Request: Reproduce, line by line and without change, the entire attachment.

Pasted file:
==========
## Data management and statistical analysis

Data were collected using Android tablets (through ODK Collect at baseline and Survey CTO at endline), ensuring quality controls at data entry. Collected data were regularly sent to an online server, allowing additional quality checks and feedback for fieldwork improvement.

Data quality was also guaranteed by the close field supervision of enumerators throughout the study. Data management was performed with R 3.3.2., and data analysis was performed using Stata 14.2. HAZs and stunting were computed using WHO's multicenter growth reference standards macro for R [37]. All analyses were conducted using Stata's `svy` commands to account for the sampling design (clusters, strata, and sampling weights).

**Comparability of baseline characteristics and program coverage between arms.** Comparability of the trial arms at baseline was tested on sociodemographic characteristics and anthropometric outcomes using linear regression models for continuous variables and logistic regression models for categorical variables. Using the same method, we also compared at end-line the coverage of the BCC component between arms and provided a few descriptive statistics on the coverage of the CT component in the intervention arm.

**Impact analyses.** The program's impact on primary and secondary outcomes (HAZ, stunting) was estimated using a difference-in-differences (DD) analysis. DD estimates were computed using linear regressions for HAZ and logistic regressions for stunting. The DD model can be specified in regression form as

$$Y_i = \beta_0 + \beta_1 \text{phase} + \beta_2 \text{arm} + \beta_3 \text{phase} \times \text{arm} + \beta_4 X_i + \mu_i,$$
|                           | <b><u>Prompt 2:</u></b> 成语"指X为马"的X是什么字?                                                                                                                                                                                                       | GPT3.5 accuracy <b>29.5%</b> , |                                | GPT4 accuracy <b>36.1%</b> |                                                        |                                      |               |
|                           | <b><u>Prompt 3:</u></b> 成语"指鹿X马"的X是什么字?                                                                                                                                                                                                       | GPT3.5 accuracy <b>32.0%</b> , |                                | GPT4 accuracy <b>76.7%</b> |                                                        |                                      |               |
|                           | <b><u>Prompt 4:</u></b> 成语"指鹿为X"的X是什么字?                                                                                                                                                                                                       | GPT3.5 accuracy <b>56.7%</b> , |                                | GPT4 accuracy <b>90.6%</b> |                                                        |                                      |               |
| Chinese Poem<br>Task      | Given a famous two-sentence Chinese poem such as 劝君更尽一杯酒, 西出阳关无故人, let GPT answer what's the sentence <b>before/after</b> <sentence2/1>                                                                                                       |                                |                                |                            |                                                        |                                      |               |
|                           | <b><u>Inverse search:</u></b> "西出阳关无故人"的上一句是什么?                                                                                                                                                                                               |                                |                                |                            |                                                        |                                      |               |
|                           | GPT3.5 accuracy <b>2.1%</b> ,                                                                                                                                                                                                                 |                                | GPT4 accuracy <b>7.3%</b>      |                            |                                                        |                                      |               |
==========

## Data management and statistical analysis

Data were collected using Android tablets (through ODK Collect at baseline and Survey CTO at endline), ensuring quality controls at data entry. Collected data were regularly sent to an online server, allowing additional quality checks and feedback for fieldwork improvement.

Data quality was also guaranteed by the close field supervision of enumerators throughout the study. Data management was performed with R 3.3.2., and data analysis was performed using Stata 14.2. HAZs and stunting were computed using WHO's multicenter growth reference standards macro for R [37]. All analyses were conducted using Stata's `svy` commands to account for the sampling design (clusters, strata, and sampling weights).

**Comparability of baseline characteristics and program coverage between arms.** Comparability of the trial arms at baseline was tested on sociodemographic characteristics and anthropometric outcomes using linear regression models for continuous variables and logistic regression models for categorical variables. Using the same method, we also compared at end-line the coverage of the BCC component between arms and provided a few descriptive statistics on the coverage of the CT component in the intervention arm.

**Impact analyses.** The program's impact on primary and secondary outcomes (HAZ, stunting) was estimated using a difference-in-differences (DD) analysis. DD estimates were computed using linear regressions for HAZ and logistic regressions for stunting. The DD model can be specified in regression form as

$$Y_i = \beta_0 + \beta_1 \text{phase} + \beta_2 \text{arm} + \beta_3 \text{phase} \times \text{arm} + \beta_4 X_i + \mu_i,$$
|                           | <b><u>Prompt 2:</u></b> 成语"指X为马"的X是什么字?                                                                                                                                                                                                       | GPT3.5 accuracy <b>29.5%</b> , |                                | GPT4 accuracy <b>36.1%</b> |                                                        |                                      |               |
|                           | <b><u>Prompt 3:</u></b> 成语"指鹿X马"的X是什么字?                                                                                                                                                                                                       | GPT3.5 accuracy <b>32.0%</b> , |                                | GPT4 accuracy <b>76.7%</b> |                                                        |                                      |               |
|                           | <b><u>Prompt 4:</u></b> 成语"指鹿为X"的X是什么字?                                                                                                                                                                                                       | GPT3.5 accuracy <b>56.7%</b> , |                                | GPT4 accuracy <b>90.6%</b> |                                                        |                                      |               |
| Chinese Poem<br>Task      | Given a famous two-sentence Chinese poem such as 劝君更尽一杯酒, 西出阳关无故人, let GPT answer what's the sentence <b>before/after</b> <sentence2/1>                                                                                                       |                                |                                |                            |                                                        |                                      |               |
|                           | <b><u>Inverse search:</u></b> "西出阳关无故人"的上一句是什么?                                                                                                                                                                                               |                                |                                |                            |                                                        |                                      |               |
|                           | GPT3.5 accuracy <b>2.1%</b> ,                                                                                                                                                                                                                 |                                | GPT4 accuracy <b>7.3%</b>      |                            |                                                        |                                      |               |